We often associate economic things in terms of money, but really, most of what we decide to do has little to do with money and everything to do with less monetizable factors. For instance, someone might choose to live near their aging parents. Others might choose to live in the Puget Sound area because of the mild climate or friends or associates. These people could make more money or live in bigger houses with higher property values if they chose to move to other parts of the country, but they choose not to because whatever non-monetizable factors are at play are more important for them.

Indeed, money can’t buy everything, and everyone knows this. We can’t put a price tag on human life, and so we choose to be much poorer than we otherwise would be if we trivialized human life.

But the simple economics remain the same: Profit = Revenue – Costs. If there is no profit, there is no reason to do the thing. And you should always look to maximize profits.

Considering the above, why do the Chinese want to build the world’s largest methanol plant here in Tacoma? Because Profit = Revenue – Costs. They believe that they will maximize their profits by locating their methanol plant here in Tacoma. They have included, of course, monetary factors, but being Chinese, I am 100% certain that they have included non-monetary factors as well. I know this because I know, for a fact, that Chinese are humans too, and all humans don’t value money above everything else.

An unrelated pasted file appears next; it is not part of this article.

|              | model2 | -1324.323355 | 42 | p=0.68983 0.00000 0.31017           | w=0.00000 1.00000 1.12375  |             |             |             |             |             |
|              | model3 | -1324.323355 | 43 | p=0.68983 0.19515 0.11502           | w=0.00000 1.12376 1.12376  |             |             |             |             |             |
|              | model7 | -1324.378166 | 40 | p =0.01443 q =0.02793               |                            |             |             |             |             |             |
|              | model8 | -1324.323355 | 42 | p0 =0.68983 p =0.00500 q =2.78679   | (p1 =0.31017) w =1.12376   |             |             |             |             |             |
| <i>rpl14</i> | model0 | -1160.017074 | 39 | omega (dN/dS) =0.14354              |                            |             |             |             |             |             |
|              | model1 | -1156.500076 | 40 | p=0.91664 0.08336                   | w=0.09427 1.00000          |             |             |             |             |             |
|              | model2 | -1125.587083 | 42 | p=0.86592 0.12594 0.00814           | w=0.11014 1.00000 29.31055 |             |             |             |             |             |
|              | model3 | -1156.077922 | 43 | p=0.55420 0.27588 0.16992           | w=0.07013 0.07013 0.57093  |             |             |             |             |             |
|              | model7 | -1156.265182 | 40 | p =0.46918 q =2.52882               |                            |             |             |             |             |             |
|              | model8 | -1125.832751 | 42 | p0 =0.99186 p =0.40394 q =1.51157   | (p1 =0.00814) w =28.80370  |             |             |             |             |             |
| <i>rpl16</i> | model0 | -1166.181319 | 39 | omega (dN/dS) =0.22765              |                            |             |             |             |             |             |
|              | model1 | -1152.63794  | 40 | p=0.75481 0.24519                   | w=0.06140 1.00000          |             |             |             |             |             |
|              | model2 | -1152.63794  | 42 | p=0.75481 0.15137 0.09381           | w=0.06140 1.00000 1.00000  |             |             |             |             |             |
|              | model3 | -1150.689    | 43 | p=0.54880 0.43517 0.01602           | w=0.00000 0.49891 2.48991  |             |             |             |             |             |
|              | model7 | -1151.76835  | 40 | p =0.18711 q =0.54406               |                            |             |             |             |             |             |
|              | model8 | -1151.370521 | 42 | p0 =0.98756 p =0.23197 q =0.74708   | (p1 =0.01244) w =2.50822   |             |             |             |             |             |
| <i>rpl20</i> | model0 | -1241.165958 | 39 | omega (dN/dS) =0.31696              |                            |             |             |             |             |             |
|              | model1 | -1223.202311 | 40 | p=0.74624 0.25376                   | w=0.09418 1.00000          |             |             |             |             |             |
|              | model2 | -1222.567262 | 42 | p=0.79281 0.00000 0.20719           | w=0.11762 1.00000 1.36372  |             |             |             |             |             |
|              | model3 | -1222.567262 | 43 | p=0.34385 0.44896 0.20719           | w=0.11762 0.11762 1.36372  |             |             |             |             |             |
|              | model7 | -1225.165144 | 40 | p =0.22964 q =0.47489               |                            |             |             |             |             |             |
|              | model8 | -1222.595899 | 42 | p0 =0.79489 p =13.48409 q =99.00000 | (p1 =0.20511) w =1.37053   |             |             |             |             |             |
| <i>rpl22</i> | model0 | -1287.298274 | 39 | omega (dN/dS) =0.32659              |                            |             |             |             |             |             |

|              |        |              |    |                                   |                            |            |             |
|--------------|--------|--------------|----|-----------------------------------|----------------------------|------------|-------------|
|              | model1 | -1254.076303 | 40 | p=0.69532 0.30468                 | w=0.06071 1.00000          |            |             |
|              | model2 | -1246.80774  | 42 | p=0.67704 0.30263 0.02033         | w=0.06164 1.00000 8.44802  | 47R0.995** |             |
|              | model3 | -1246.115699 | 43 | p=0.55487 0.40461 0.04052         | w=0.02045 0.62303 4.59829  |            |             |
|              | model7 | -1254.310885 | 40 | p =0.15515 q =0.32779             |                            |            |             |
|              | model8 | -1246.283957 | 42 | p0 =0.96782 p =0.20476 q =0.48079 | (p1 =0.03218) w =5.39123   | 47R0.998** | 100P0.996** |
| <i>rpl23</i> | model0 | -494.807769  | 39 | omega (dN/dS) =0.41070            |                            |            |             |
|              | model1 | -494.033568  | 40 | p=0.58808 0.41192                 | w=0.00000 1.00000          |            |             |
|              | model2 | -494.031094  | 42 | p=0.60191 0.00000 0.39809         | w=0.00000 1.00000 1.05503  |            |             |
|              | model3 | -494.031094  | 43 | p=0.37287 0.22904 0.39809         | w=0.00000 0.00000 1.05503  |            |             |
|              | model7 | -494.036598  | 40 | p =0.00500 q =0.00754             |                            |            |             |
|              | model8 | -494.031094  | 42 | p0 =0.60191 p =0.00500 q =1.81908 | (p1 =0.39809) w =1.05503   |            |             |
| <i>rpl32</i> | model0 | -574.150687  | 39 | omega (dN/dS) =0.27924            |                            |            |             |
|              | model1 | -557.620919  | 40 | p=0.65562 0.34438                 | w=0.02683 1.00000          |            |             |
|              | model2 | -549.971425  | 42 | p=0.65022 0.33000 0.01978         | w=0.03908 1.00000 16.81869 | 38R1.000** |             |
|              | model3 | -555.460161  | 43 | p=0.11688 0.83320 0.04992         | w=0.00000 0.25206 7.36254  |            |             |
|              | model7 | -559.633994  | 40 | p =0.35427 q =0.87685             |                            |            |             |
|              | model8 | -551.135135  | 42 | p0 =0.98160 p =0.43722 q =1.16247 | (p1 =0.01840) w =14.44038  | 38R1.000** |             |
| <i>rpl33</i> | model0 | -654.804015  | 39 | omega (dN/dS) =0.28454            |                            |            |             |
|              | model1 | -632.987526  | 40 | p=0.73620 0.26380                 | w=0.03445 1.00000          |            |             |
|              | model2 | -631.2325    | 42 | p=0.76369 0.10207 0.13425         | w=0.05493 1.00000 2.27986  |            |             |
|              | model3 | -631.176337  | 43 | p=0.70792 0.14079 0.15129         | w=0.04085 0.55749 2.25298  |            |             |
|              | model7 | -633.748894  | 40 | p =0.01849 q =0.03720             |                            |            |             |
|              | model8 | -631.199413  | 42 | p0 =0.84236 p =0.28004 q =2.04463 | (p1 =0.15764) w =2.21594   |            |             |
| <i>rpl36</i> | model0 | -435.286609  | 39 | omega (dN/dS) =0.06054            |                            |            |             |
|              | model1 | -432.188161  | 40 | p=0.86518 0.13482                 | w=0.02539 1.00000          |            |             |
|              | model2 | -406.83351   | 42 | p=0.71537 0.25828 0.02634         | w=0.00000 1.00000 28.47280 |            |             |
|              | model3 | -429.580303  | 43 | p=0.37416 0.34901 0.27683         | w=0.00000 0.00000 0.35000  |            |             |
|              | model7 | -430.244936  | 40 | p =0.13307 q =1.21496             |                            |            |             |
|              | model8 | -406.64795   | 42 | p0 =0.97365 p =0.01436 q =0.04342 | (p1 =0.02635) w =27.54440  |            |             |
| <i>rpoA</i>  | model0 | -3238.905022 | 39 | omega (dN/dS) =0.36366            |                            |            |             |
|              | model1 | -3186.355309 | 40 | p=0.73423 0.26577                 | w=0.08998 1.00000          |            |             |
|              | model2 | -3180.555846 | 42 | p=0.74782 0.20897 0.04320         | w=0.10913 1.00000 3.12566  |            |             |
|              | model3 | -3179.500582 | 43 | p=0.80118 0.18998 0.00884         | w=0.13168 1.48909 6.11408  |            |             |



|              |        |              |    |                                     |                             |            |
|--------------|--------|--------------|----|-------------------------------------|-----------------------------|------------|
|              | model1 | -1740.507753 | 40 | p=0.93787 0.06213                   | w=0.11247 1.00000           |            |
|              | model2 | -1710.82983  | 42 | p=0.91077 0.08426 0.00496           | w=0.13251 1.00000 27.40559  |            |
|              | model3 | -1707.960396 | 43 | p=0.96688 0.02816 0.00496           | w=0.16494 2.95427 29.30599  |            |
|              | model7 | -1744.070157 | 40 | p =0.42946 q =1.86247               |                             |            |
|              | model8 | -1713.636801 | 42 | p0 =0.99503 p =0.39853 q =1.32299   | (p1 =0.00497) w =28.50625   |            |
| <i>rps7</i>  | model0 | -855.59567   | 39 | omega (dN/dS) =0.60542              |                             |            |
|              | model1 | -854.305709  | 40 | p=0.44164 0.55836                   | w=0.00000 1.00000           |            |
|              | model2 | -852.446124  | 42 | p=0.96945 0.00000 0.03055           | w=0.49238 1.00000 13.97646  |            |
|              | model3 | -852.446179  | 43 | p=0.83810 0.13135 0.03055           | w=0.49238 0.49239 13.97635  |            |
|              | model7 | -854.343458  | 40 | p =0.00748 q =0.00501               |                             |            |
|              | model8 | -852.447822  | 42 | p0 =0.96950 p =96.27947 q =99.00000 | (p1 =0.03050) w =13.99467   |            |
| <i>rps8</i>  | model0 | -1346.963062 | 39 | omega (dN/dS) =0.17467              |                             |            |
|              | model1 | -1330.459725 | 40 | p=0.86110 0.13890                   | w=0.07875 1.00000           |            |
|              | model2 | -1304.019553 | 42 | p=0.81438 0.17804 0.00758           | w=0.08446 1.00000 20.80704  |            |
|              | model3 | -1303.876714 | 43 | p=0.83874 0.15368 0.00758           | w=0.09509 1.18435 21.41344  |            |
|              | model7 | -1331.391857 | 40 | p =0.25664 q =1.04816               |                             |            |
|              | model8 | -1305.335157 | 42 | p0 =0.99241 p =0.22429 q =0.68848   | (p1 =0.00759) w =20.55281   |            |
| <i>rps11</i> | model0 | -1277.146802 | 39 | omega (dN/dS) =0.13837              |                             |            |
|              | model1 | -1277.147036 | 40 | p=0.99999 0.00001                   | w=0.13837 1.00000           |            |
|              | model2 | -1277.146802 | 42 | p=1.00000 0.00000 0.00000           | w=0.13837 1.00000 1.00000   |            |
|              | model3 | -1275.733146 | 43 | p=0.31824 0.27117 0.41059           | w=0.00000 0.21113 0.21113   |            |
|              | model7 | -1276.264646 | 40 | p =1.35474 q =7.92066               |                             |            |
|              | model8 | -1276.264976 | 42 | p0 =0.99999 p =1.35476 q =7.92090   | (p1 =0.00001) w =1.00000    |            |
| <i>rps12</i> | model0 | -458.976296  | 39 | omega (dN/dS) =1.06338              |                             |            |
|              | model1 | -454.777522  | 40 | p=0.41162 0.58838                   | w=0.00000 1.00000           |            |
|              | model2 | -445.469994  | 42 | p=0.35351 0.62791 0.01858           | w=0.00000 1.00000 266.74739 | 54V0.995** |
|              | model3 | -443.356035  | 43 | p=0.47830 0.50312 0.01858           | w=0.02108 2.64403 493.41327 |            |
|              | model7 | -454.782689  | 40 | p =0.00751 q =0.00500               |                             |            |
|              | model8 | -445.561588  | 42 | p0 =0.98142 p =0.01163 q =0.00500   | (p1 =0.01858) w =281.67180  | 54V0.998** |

Suppose we tell the Chinese “No.” Just flat out, “No, you can’t build here, no matter what you do.” What will they do? Well, they could give up building the plant altogether, or they will move to a different, less profitable location. I believe they will choose the latter.

What will be the effect? The effect will be that the people who want to build the plant will earn less profit. There will be less benefit for them. It may not show up in their pocketbooks, but it may manifest in terms of time spent away from their families, the quality of the methanol, or the costs of keeping it environmentally clean.

Regardless, they will get less benefit.

Now, suppose that we say, “Yes, but there are conditions.” We carefully consider what conditions we should place on the construction, additional costs that they will have to bear. We could demand, for instance, higher than normal worker safety, or less than normal pollution. If we are wise, we can attach these kinds of conditions, but not so many that they will decide to go elsewhere. The point here is that when profits are being made, then we can negotiate better conditions for us, because they have more to give away. This is the key fact, the reason why profit is important not just for them, but for us.